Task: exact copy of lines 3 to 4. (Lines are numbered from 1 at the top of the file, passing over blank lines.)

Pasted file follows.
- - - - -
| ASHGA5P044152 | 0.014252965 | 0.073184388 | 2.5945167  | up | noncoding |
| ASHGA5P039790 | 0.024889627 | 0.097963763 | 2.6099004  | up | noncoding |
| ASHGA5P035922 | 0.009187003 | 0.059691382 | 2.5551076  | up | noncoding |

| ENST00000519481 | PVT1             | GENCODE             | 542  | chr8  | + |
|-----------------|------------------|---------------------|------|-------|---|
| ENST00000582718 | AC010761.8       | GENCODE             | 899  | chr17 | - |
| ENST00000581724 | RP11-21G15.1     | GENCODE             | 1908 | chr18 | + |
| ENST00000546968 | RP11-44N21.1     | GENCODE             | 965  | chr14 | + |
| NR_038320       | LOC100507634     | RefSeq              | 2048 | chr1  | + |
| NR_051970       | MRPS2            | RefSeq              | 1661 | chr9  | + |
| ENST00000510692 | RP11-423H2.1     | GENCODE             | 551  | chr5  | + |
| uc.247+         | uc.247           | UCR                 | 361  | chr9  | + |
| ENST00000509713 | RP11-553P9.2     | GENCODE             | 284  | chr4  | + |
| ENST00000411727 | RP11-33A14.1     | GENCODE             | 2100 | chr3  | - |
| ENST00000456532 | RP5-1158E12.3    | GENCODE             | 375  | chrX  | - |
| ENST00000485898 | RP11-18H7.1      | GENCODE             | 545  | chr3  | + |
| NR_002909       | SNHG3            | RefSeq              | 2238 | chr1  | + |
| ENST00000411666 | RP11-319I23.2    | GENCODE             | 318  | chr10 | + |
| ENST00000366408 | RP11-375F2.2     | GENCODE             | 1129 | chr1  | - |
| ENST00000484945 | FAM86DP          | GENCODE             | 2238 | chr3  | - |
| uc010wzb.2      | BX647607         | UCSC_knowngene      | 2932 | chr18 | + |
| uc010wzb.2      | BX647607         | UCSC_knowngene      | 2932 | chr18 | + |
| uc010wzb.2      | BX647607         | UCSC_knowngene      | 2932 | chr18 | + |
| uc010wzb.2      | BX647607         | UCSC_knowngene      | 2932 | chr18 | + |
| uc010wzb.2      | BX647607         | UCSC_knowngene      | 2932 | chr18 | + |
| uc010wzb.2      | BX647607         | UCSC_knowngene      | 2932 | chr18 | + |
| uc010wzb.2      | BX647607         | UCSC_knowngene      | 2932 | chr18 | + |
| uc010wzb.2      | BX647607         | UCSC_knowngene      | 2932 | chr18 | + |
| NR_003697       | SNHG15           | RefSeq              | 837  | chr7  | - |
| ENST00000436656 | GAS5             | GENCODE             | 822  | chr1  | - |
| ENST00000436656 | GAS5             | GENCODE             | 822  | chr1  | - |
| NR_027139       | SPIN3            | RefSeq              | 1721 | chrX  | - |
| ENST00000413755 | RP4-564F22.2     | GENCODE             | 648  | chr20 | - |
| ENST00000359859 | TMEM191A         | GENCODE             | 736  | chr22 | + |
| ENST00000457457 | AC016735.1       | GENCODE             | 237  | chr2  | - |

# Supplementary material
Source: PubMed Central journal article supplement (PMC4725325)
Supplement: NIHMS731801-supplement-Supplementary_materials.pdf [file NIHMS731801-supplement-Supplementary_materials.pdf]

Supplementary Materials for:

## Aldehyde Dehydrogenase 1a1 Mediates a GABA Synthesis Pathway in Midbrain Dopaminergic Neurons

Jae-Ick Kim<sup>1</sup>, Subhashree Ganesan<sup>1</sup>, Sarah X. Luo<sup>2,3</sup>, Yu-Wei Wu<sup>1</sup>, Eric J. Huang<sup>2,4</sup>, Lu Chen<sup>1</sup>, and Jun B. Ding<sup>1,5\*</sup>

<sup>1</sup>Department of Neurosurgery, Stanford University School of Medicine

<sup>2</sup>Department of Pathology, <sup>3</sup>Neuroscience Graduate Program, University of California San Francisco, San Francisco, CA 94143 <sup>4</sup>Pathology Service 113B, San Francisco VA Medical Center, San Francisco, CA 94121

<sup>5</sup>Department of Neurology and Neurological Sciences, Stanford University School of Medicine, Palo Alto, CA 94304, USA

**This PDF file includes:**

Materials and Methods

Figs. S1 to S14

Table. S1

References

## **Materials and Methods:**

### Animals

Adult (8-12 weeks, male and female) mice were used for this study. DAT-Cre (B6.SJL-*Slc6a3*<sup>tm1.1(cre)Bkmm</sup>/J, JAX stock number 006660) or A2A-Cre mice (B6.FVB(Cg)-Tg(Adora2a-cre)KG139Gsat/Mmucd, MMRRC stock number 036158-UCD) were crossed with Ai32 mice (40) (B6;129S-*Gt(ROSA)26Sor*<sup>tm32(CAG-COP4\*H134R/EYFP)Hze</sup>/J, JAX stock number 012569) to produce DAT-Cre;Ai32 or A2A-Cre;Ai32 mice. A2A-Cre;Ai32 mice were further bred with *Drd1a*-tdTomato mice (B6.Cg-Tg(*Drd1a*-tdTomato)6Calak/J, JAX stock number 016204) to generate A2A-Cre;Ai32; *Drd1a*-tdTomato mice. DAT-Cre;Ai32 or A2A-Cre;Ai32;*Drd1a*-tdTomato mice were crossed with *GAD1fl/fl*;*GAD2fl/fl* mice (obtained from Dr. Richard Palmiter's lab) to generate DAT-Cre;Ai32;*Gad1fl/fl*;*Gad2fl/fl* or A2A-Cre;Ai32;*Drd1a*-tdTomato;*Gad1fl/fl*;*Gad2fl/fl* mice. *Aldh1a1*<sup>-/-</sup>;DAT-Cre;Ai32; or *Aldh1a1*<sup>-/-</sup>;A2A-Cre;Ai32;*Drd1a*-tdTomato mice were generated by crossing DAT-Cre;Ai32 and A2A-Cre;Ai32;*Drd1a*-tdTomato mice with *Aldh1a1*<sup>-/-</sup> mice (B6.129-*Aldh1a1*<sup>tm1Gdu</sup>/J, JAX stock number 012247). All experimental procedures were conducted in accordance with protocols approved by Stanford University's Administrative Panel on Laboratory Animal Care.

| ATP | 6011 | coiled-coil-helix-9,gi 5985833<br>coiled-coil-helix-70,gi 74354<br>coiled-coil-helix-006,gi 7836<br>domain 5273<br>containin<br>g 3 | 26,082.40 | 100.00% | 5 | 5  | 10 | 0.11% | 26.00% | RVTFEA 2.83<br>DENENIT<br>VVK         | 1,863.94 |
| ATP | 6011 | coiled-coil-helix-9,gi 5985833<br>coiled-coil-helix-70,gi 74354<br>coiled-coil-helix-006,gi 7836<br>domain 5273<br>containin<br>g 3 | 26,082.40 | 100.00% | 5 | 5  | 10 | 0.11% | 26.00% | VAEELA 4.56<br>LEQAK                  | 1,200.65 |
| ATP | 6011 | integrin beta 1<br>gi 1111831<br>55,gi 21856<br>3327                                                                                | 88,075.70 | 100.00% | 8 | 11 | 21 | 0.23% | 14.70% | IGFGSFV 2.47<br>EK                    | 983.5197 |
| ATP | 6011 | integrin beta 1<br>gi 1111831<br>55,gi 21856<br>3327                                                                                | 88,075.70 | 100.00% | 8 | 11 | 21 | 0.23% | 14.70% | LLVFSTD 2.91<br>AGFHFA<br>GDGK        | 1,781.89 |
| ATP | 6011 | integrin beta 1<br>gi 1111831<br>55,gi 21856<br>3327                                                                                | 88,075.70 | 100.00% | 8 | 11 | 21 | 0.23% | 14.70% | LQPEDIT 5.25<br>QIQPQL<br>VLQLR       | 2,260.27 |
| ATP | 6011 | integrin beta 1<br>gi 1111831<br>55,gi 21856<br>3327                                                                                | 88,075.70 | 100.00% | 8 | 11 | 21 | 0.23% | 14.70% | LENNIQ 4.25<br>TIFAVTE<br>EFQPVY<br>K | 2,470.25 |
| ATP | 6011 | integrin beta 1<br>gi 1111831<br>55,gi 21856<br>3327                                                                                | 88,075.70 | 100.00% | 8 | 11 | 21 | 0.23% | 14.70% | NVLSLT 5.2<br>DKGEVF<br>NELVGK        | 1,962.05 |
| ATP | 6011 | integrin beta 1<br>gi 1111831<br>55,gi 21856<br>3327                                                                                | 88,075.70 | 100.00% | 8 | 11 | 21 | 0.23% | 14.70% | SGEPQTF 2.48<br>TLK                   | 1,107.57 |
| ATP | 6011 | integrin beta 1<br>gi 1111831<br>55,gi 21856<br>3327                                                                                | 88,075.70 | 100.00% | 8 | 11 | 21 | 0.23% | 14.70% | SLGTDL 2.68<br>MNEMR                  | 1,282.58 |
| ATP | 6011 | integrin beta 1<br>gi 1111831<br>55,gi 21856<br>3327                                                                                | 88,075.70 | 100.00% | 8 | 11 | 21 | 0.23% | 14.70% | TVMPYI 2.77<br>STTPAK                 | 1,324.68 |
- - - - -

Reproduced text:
| ASHGA5P035922 | 0.009187003 | 0.059691382 | 2.5551076  | up | noncoding |

| ENST00000519481 | PVT1             | GENCODE             | 542  | chr8  | + |